High-flying balloons are bringing broadband connectivity to remote nations and post-disaster zones where cell towers have been knocked out. These "super-pressure" helium-filled polyethylene bags float 65,000 feet up in the stratosphere, above commercial planes, hurricanes, and pretty much anything else. But keeping a fleet of tennis-court-sized, internet-blasting balloons hovering over one spot has been a tricky engineering problem, just like keeping a boat floating in one place on a fast-moving river. Now researchers at Google spinoff Loon have figured out how to use a form of artificial intelligence to allow the balloon's onboard controller to predict wind speed and direction at various heights, then use that information to raise and lower the balloon accordingly. The new AI-powered navigation system opens the possibility of using stationary balloons to monitor animal migrations, the effects of climate change, or illegal cross-border wildlife or human trafficking from a relatively inexpensive platform for months at a time.
Huge stratospheric balloons that act as floating cell towers in remote areas can stay in the air for hundreds of days thanks to an artificially intelligent pilot created by Google and Loon. Loon, a subsidiary of Google's parent company Alphabet, produces tennis-court-sized balloons that are filled with helium and sent into the stratosphere. Keeping these huge balloons in a fixed position is difficult as they can get blown off course. Now, researchers at Loon and Google have joined forces to create an AI controller that can counter the harsh winds of the stratosphere by releasing air to descend or adding it to ascend, riding atmospheric currents in the desired direction. The two firms used an AI technique called deep reinforcement learning to train the balloon's controllers.
Efficiently navigating a superpressure balloon in the stratosphere1 requires the integration of a multitude of cues, such as wind speed and solar elevation, and the process is complicated by forecast errors and sparse wind measurements. Coupled with the need to make decisions in real time, these factors rule out the use of conventional control techniques2,3. Here we describe the use of reinforcement learning4,5 to create a high-performing flight controller. Our algorithm uses data augmentation6,7 and a self-correcting design to overcome the key technical challenge of reinforcement learning from imperfect data, which has proved to be a major obstacle to its application to physical systems8. We deployed our controller to station Loon superpressure balloons at multiple locations across the globe, including a 39-day controlled experiment over the Pacific Ocean.
Loon, the former Google X project and now independent Alphabet company, says it has built and deployed a new AI-powered navigation system that leverages reinforcement learning (RL) to steer balloons more accurately and efficiently through the stratosphere. Developed in cooperation with the Google AI team in Montreal, Loon said the new navigation system is capable of teaching itself how to navigate balloons better than the original balloon navigation system, which was built by human engineers over the last decade. During a head-to-head comparison of the human designed system and the reinforcement learning system, conducted over 39 days above the Pacific Ocean, Loon said the new navigation system kept a balloon over a defined location for longer periods of time while also using less power. The RL system also came up with complex navigational maneuvers that had not seen before. The reinforcement learning system is now live across Loon's fleet of stratospheric internet balloons, which are currently floating above Kenya in eastern Africa.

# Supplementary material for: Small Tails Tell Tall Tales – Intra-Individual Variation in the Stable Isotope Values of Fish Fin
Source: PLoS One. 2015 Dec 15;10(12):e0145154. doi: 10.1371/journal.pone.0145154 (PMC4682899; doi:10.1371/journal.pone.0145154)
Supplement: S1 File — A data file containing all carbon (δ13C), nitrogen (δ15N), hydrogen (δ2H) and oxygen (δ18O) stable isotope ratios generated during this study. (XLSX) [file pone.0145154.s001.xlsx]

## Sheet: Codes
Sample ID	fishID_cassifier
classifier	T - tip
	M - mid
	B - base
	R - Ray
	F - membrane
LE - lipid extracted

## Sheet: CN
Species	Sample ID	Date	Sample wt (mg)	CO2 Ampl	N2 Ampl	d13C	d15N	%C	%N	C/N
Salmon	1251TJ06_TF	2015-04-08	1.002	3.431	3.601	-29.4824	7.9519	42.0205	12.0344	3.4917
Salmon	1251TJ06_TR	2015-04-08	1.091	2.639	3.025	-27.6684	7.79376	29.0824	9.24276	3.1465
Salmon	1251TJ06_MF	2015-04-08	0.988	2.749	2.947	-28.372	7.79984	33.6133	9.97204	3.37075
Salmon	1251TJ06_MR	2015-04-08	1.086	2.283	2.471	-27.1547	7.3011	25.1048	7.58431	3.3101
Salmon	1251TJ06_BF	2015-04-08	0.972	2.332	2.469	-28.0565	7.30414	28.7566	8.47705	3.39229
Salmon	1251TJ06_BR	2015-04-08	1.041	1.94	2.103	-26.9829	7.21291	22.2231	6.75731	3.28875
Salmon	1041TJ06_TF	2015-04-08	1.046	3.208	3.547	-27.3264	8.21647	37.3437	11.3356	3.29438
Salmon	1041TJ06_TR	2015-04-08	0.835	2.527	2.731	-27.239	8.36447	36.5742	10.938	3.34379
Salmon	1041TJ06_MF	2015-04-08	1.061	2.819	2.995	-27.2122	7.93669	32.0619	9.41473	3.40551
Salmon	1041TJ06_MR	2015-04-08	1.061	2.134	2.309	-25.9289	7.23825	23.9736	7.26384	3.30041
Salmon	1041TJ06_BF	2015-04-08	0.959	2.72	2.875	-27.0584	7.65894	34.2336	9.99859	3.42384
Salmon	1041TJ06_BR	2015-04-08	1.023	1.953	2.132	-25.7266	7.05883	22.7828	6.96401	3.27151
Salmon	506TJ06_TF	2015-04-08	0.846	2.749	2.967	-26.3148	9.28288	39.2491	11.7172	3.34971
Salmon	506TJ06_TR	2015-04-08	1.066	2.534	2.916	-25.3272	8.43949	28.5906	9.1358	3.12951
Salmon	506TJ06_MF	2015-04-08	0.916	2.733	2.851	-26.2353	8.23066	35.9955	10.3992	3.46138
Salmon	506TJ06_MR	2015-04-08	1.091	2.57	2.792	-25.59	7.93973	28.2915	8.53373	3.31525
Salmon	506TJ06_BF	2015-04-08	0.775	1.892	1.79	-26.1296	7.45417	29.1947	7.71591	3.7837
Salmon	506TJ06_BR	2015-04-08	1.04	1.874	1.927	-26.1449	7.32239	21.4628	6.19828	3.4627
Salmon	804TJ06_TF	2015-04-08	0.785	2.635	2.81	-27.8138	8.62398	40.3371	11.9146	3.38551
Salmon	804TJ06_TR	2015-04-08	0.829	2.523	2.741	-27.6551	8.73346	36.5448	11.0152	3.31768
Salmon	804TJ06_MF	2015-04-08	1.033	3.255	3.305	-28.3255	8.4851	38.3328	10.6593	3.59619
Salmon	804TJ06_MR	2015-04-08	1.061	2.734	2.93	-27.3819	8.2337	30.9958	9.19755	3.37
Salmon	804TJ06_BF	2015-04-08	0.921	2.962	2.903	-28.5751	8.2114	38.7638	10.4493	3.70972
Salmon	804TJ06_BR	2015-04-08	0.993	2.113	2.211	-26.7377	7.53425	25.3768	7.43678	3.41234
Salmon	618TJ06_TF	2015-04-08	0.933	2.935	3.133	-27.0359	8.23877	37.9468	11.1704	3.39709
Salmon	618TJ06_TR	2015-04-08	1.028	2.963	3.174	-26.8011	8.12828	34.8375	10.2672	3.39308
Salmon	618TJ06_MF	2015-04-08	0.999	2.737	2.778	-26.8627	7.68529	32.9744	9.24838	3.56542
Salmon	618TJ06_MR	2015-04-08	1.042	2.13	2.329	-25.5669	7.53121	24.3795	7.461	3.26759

Alphabet's Loon, the team responsible for beaming internet down to Earth from stratospheric helium balloons, has achieved a new milestone: its navigation system is no longer run by human-designed software. Instead, the company's internet balloons are steered around the globe by an artificial intelligence -- in particular, a set of algorithms both written and executed by a deep reinforcement learning-based flight control system that is more efficient and adept than the older, human-made one. The system is now managing Loon's fleet of balloons over Kenya, where Loon launched its first commercial internet service in July after testing its fleet in a series of disaster relief initiatives and other test environments for much of the last decade. Similar to how researchers have achieved breakthrough AI advances in teaching computers to play sophisticated video games and helping software learn how to manipulate robotic hands in lifelike ways, reinforcement learning is a technique that allows software to teach itself skills through trial and error. Obviously, such repetition is not possible in the real world when dealing with high-altitude balloons that are costly to operate and even more costly to repair in the event they crash.